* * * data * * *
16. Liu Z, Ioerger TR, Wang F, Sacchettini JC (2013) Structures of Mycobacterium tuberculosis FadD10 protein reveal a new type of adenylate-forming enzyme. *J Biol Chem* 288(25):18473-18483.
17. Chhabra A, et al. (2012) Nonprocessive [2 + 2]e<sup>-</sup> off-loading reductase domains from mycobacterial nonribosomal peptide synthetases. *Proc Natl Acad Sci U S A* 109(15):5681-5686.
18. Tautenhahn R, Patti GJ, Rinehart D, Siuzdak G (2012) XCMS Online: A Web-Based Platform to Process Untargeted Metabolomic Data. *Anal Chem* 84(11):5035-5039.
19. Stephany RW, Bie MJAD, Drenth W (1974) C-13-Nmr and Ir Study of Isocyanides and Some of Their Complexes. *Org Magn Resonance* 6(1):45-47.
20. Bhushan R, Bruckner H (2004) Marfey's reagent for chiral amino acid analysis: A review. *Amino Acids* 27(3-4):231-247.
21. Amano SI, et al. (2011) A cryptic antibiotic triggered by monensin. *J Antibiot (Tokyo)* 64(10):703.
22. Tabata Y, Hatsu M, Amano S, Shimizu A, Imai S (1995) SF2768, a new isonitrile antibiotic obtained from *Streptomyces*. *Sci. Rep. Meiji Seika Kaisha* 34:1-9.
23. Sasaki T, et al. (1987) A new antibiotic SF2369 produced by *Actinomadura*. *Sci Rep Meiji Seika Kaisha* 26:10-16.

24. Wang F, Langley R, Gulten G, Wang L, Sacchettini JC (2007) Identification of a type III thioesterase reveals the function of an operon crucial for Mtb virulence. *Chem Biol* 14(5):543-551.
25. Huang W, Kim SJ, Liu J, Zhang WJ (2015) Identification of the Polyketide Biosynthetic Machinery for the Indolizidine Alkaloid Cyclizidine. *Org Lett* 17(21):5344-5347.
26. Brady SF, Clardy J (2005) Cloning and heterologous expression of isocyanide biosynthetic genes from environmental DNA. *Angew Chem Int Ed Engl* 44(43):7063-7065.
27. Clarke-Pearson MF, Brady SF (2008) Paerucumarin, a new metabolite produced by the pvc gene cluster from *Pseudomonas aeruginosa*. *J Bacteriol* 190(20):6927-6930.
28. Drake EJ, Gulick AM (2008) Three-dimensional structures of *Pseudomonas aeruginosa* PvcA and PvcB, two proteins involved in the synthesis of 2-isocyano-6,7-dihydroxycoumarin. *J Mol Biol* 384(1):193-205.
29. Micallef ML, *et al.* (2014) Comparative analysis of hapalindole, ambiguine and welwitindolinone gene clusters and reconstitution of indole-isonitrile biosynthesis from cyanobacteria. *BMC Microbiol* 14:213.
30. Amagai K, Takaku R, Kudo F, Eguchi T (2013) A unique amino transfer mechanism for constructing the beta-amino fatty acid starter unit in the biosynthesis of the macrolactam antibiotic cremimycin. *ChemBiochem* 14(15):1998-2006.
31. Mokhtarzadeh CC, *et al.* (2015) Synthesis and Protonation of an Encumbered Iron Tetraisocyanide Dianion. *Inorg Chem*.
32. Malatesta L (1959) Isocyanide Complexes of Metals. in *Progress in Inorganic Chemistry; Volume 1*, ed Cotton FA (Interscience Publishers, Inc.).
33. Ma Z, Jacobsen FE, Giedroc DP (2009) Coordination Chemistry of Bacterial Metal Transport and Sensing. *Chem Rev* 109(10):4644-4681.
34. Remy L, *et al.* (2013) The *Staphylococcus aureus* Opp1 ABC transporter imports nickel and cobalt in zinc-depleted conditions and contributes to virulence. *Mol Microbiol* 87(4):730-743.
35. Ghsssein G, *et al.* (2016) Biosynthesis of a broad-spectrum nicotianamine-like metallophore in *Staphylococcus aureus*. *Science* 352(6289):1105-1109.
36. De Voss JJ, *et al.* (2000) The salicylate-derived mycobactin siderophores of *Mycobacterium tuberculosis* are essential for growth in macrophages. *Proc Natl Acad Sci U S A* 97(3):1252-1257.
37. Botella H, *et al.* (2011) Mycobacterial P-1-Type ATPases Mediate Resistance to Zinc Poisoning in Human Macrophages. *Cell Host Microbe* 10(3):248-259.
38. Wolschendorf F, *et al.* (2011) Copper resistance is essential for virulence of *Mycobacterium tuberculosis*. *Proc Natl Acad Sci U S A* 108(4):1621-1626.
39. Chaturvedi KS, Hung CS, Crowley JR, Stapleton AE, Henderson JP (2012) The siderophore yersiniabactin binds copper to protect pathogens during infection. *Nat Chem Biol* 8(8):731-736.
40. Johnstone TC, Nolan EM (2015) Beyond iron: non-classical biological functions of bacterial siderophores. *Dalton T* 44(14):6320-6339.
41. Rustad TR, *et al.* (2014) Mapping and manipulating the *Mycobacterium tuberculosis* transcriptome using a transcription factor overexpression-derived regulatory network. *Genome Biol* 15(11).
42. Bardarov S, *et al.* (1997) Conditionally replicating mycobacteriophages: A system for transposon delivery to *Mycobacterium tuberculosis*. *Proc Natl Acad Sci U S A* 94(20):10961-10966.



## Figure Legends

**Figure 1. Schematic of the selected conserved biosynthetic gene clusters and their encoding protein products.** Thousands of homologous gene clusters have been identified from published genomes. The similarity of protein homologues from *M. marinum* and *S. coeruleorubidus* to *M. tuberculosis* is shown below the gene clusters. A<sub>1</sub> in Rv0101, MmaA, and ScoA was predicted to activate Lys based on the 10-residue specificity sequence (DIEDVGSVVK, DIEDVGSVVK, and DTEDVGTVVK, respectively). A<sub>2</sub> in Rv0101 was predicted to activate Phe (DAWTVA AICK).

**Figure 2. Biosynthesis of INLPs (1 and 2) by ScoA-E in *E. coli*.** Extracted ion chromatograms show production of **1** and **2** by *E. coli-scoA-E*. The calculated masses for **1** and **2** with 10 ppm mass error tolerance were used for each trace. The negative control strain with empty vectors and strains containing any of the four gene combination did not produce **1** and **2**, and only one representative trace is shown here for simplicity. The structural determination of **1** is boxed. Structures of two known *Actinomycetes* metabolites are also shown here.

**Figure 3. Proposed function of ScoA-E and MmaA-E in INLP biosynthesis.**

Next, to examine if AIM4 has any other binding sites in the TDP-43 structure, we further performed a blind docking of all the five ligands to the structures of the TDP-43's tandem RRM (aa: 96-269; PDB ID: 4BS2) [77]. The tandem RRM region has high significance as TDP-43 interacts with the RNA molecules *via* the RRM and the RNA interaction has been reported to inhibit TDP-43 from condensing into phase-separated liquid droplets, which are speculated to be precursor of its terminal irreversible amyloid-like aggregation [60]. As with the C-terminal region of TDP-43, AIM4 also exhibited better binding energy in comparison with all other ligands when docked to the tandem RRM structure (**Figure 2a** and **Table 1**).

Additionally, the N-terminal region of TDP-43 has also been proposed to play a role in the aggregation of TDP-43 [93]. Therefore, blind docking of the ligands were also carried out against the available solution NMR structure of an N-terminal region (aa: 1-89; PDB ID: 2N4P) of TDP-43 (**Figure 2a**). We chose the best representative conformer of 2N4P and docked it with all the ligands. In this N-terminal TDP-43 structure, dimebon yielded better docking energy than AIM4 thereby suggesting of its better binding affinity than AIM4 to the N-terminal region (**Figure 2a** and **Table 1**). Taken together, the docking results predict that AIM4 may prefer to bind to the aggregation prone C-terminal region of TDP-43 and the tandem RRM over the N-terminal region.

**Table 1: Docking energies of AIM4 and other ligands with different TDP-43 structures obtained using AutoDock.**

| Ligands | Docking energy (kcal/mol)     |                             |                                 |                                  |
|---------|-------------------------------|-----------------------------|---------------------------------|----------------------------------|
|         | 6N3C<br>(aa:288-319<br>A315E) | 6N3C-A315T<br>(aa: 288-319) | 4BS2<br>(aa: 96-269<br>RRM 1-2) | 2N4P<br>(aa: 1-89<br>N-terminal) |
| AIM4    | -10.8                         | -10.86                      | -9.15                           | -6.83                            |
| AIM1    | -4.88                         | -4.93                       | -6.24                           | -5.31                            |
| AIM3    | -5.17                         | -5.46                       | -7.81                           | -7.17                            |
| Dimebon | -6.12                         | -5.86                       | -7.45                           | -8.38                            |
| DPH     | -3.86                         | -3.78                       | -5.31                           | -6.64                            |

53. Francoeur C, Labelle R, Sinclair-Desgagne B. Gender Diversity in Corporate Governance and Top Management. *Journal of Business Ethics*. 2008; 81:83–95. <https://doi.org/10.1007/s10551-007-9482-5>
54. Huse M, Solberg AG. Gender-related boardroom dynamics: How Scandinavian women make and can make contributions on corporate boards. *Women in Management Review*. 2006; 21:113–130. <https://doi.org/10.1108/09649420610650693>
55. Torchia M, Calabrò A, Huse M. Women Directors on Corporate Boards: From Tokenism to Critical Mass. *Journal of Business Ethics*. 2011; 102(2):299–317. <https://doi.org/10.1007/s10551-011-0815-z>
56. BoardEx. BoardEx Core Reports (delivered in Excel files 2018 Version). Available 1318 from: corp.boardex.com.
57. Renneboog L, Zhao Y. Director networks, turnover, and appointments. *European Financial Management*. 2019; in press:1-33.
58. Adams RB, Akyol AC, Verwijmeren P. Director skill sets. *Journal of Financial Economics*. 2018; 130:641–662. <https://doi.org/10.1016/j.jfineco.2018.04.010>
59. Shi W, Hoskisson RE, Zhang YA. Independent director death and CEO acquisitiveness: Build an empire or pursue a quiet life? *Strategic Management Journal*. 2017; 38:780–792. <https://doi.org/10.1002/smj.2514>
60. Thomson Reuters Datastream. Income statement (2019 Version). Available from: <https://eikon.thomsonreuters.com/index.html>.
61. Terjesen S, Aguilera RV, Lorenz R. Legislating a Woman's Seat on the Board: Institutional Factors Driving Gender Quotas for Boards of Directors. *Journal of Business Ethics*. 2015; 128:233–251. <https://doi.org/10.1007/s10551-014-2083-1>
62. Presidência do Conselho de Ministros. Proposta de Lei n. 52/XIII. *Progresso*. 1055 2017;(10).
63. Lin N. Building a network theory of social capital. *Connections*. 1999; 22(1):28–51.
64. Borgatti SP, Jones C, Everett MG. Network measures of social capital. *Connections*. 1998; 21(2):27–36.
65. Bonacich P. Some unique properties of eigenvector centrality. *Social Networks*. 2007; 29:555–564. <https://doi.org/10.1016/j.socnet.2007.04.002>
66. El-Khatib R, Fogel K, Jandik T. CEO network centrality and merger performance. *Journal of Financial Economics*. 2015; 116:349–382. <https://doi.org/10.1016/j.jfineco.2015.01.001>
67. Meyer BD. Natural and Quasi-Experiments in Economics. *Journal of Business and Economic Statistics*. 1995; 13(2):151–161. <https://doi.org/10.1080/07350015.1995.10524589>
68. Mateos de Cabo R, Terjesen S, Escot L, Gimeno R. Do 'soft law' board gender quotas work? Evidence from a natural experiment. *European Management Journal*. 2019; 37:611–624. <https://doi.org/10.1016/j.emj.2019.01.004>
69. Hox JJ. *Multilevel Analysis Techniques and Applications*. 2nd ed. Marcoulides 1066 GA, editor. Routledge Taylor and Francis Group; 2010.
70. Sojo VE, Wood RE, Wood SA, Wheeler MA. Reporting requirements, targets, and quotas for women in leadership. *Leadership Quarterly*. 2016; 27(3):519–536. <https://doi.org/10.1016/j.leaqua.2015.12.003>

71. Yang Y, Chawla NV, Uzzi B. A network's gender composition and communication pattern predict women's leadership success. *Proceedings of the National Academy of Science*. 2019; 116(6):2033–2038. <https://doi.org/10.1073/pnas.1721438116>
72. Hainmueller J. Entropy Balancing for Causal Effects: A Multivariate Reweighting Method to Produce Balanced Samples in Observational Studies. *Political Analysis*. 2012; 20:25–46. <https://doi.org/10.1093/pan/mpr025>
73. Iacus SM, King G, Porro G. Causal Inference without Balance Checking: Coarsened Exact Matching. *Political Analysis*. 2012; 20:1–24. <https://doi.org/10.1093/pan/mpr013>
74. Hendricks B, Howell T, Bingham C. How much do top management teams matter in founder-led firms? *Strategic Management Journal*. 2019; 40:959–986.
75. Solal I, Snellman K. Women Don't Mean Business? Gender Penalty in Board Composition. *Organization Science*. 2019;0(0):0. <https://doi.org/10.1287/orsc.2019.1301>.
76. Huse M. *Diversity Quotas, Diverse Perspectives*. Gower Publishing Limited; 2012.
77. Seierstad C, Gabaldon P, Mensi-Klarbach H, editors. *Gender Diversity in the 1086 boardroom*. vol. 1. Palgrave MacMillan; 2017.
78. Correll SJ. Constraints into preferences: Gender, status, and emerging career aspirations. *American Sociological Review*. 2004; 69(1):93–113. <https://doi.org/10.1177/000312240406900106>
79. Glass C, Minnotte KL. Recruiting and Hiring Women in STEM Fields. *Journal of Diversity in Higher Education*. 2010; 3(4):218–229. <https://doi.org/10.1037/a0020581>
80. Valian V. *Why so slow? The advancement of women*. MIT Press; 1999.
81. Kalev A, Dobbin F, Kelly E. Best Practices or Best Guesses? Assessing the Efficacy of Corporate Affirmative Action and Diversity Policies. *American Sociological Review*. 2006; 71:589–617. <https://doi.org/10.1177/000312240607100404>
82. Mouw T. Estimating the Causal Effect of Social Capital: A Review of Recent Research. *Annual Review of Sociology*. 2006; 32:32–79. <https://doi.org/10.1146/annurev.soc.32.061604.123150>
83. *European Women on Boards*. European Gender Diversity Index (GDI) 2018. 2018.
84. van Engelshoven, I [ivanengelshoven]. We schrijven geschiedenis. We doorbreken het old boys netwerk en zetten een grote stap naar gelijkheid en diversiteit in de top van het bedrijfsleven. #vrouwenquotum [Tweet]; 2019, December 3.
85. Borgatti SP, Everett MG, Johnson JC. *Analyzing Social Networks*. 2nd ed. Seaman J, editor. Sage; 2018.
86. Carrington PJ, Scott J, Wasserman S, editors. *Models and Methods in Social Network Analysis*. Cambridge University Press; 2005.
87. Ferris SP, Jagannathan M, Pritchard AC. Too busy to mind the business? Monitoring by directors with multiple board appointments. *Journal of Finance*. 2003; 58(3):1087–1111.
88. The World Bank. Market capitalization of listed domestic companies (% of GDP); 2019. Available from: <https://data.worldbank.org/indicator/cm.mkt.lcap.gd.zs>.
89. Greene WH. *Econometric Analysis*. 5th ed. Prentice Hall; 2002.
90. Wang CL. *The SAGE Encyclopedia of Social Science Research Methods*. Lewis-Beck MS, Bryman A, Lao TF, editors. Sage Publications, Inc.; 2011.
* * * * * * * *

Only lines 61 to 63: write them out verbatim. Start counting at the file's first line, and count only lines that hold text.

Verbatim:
71. Yang Y, Chawla NV, Uzzi B. A network's gender composition and communication pattern predict women's leadership success. *Proceedings of the National Academy of Science*. 2019; 116(6):2033–2038. <https://doi.org/10.1073/pnas.1721438116>
72. Hainmueller J. Entropy Balancing for Causal Effects: A Multivariate Reweighting Method to Produce Balanced Samples in Observational Studies. *Political Analysis*. 2012; 20:25–46. <https://doi.org/10.1093/pan/mpr025>
73. Iacus SM, King G, Porro G. Causal Inference without Balance Checking: Coarsened Exact Matching. *Political Analysis*. 2012; 20:1–24. <https://doi.org/10.1093/pan/mpr013>